For those of you who like more rustic and organic decorations, this week we have a unique take on a traditional Christmas wreath, exploring the idea of using tortured willow as your base. We are also looking at unique ways to create mementos of the year like time capsules decorations, adding a festive touch to candles and vases for use over the festive season and lastly, we look at some fun ways to create inexpensive gifts.
Remember we have $200 worth of FLOWERS with Florist With Flowers up for grabs for all you crafty critters! Be inspired by our blog, create a Christmas masterpiece, post it to our facebook wall, or tag us (@floristwithflowers) on Instagram and you will be in the running! The image that receives the most likes in total will win a $200 credit with Florist With Flowers (for delivery within SYDNEY ONLY) so get your friends involved, invite them to like our page, follow us and vote for your creations to increase your chances!!!
What better way to reward your efforts and decorate your home. So, without further ado, lets begin!
5. Tortured willow ‘Peace’ wreath.
I love this concept because we often carry fresh tortured willow in store, and it is simple and understated. The trick here of course is to use only fresh willow as it is still ‘green’ and malleable so can be manipulated into your chosen shape. Once created, the willow will dry and become brittle so you will not be able to alter the design, but essentially it can be kept forever (or until you want to create something new). The colour of the willow will change over time as it dries: gradually getting darker.
The concept can easily be ‘tizzed up’ with baubles or decorative wire or fairy lights (as below) or kept fairly simple and elegant with a small cluster of pine cones or fresh/artificial flowers in the top centre…..
Wreaths are ideal for your homes entrance way, but don’t be limited to only hanging these beauties on the door. Equally as effective is a round wreath on a round table. Wreaths can be laid as a centrepiece on your table. Think red/white/green votive candles surrounding the wreath, or a large hurricane vase with pillar candle in the centre.
For those of you who don’t fancy trying your hand at wreath wrangling this year, fear not! Florist with Flowers also have in stock a range of special wreaths this year too, something for everyone surely.
6. Handmade Decorations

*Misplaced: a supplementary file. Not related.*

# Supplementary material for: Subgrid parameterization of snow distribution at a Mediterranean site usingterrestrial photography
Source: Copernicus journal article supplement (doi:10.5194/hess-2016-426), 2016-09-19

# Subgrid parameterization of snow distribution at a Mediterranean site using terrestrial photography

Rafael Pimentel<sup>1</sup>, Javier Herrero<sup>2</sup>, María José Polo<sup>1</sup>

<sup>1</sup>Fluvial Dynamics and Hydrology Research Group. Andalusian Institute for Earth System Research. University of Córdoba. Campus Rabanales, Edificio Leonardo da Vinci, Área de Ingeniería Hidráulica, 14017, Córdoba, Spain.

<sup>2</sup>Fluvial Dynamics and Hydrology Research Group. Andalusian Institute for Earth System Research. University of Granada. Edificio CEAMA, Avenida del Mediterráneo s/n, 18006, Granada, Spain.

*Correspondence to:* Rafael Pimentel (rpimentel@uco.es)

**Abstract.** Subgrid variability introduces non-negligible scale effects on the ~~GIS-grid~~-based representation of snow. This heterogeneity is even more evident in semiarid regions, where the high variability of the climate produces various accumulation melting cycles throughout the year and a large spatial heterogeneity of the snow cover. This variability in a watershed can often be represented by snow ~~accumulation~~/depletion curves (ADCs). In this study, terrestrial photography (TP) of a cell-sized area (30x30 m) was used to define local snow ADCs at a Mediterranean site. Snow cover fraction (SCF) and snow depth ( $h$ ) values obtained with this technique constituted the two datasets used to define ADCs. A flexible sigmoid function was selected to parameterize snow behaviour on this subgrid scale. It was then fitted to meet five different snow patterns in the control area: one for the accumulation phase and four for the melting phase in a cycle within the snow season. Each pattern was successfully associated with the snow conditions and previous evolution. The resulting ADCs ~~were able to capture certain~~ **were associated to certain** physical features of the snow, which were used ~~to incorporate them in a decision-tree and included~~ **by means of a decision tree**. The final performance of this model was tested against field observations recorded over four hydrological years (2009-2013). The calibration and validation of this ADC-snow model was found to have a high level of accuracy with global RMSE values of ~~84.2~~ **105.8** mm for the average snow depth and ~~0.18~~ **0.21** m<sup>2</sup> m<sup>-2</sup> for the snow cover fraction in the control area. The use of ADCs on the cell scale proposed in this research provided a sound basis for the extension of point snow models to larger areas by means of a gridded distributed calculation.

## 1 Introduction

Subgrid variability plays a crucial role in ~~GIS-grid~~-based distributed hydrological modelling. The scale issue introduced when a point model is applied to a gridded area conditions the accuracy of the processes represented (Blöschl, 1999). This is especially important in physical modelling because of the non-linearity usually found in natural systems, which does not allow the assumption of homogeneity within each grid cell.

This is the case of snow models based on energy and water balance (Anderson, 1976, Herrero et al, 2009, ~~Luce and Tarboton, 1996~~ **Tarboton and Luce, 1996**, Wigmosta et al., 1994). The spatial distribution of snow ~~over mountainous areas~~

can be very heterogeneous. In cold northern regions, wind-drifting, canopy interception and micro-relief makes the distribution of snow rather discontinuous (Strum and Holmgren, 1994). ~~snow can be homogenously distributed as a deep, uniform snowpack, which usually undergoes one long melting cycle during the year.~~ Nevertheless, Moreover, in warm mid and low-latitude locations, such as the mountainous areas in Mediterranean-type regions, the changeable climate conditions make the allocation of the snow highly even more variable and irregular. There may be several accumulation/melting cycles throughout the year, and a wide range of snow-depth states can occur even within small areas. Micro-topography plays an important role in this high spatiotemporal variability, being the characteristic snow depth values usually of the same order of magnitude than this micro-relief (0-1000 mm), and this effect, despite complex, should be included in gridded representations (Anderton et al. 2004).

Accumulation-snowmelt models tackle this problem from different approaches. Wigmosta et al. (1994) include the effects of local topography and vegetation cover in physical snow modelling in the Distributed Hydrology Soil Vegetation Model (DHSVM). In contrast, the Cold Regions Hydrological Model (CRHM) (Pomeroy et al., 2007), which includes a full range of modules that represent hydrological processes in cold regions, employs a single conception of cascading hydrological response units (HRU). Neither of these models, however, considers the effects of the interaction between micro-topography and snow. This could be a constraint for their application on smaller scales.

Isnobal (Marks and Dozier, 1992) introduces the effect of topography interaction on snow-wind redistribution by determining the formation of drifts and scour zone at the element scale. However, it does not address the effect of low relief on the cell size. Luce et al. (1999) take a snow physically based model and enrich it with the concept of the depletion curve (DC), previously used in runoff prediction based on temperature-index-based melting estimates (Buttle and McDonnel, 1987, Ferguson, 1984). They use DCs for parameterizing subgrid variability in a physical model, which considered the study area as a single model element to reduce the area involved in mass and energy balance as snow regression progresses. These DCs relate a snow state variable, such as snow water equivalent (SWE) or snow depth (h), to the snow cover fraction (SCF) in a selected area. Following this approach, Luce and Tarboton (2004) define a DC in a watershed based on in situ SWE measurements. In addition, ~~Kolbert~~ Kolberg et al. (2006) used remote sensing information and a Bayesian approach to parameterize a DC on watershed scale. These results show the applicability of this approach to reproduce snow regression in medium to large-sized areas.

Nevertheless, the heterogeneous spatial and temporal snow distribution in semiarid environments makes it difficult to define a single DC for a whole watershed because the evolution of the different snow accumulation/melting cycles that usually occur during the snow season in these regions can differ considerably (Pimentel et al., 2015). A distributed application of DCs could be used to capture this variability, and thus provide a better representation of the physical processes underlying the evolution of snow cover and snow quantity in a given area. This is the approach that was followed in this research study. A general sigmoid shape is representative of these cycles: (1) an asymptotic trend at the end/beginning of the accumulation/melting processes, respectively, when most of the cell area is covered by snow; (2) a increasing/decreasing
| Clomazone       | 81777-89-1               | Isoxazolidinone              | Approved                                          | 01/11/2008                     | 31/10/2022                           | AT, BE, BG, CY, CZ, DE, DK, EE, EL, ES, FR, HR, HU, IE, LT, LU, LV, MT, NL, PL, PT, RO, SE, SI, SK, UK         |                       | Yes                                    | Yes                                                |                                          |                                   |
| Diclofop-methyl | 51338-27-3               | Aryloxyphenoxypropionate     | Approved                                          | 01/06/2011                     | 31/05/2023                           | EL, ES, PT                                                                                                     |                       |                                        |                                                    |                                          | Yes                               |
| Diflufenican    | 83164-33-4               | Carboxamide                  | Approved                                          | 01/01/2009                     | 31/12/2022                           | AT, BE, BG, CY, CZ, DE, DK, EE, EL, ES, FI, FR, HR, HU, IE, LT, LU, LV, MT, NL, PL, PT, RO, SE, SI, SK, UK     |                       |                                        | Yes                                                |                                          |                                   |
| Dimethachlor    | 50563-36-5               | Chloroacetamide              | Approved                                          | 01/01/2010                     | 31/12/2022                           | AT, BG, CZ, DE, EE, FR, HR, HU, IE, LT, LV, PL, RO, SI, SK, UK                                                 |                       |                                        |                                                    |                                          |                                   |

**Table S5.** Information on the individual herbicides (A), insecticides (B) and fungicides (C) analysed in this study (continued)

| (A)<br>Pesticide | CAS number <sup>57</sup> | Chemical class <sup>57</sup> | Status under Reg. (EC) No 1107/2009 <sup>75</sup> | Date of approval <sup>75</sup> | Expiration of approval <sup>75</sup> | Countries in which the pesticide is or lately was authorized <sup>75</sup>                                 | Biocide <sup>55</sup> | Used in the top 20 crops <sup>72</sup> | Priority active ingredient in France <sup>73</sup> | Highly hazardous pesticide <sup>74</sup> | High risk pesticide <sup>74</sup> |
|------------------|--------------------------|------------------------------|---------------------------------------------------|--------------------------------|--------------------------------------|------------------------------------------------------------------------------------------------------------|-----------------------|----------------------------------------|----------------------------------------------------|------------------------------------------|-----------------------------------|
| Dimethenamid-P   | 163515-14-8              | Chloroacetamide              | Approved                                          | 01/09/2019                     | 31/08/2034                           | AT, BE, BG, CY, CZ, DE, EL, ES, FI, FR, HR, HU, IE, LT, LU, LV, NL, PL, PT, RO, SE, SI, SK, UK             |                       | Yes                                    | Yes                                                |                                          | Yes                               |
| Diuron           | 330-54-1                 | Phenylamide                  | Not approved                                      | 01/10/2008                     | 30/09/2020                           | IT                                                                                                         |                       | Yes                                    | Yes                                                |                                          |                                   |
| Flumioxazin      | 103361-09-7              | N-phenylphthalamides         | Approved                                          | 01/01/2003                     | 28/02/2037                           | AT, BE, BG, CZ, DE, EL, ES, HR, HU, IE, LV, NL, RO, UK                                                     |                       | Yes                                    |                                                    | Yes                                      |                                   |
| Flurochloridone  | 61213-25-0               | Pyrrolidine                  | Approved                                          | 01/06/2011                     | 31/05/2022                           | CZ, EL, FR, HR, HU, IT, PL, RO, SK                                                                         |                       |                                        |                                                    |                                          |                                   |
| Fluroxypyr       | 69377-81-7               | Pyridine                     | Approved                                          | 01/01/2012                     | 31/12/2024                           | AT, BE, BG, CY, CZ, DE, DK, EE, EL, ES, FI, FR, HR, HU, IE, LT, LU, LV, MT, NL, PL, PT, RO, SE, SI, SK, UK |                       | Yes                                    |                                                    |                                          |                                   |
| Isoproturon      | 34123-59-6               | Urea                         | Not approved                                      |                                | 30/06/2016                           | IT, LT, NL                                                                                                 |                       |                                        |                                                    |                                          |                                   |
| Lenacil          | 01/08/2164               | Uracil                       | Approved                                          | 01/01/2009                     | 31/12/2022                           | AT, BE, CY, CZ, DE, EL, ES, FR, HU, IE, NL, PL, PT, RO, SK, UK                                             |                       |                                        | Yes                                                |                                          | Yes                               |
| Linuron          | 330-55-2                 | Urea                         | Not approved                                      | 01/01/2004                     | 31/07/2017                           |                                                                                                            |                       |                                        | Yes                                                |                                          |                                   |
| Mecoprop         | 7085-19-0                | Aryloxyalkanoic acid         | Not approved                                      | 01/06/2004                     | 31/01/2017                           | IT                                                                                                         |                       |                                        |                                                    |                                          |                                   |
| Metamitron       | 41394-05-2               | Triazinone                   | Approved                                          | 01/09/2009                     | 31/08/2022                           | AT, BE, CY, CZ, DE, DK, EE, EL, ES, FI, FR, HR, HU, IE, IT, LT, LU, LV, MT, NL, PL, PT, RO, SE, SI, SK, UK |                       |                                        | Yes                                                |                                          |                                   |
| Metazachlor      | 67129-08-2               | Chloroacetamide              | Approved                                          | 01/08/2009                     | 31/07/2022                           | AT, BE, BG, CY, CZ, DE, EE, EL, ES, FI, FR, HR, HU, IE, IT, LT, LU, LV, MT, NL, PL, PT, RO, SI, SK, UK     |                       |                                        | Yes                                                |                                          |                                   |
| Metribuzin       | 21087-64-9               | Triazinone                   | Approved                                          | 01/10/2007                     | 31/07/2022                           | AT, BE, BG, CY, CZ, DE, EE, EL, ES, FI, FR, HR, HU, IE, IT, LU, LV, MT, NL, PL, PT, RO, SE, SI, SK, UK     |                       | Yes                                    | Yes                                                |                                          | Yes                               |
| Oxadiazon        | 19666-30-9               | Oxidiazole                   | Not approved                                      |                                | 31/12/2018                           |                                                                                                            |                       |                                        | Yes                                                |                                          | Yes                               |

Everyone loves a handmade decoration right? In our house, each year we purchase a special decoration as well as craft one, and this year, I’m giving this ribbon piece a go! Using just a selection of scrap ribbons, a stick and some twine, they are simple and effective!
But don’t stop there, every family has their own story so why not give these designs some thought too and create a piece for your 2014. Was there a new addition to the family? Did someone start school? Or finish their final exams? Did you lose someone special? Or have an amazing holiday away together collecting seashells along an isolated beach somewhere exotic? The possibilities are limited only by your imagination!
7. Perfectly Peppermint- Candy Cane Craft
One thing that is synonymous with Christmas for me is those sickly sweet candy canes. I don’t eat them, but I still buy them….
So when I stumbled across these brilliant ideas to craft with them, well, I just had to share!
Below you will find innovative ways to make simple and festive items for your home or for gifts which will cost you less than a cup of coffee! Can you believe that? At about a $1 a bag, this has to be the thriftiest way to create a Christmas piece.
If you like to get busy with your hands and craft your colleagues or neighbours something small, here, we have a wreath, a vase, and a candle concept that may well be the ticket. As the candle burns and the exterior is warmed, the fragrance of peppermint will fill your home. Try experimenting with different colours and flavours if you want to achieve different results.
8. Give your presence not presents- D.I.Y gift ideas
Maybe because I am a woman, I find men harder to buy or create for. Am I alone? I don’t think so somehow, given that even Target’s new ad focussed on kids getting costumes, mum getting home wares and dad ending up with a hair/beard trimmer. How exciting! Poor buggers!
This concept can be personalised for each recipient by choosing their preferred beverage, and what a cute way to add some Christmas cheer to a simple gift concept.
Now every grandparent I know loves something from the kiddies, whether it be a bit of craft, or a smiling picture in a frame for the mantle. So this has to be the PERFECT gift idea right? Combining both elements into one design, this is something fun and easy to do with the kids, and grandma and pa will LOVE it.
Ok, so I think that should keep you busy for the next week until our final installment. We can’t wait to see your willow wreaths, decorations, #candycanecraft and handmade gifts flooding in this week on Facebook and Instagram. Only two weeks to #getyourcrafton and get your entries into to WIN, so don’t delay….GET BUSY!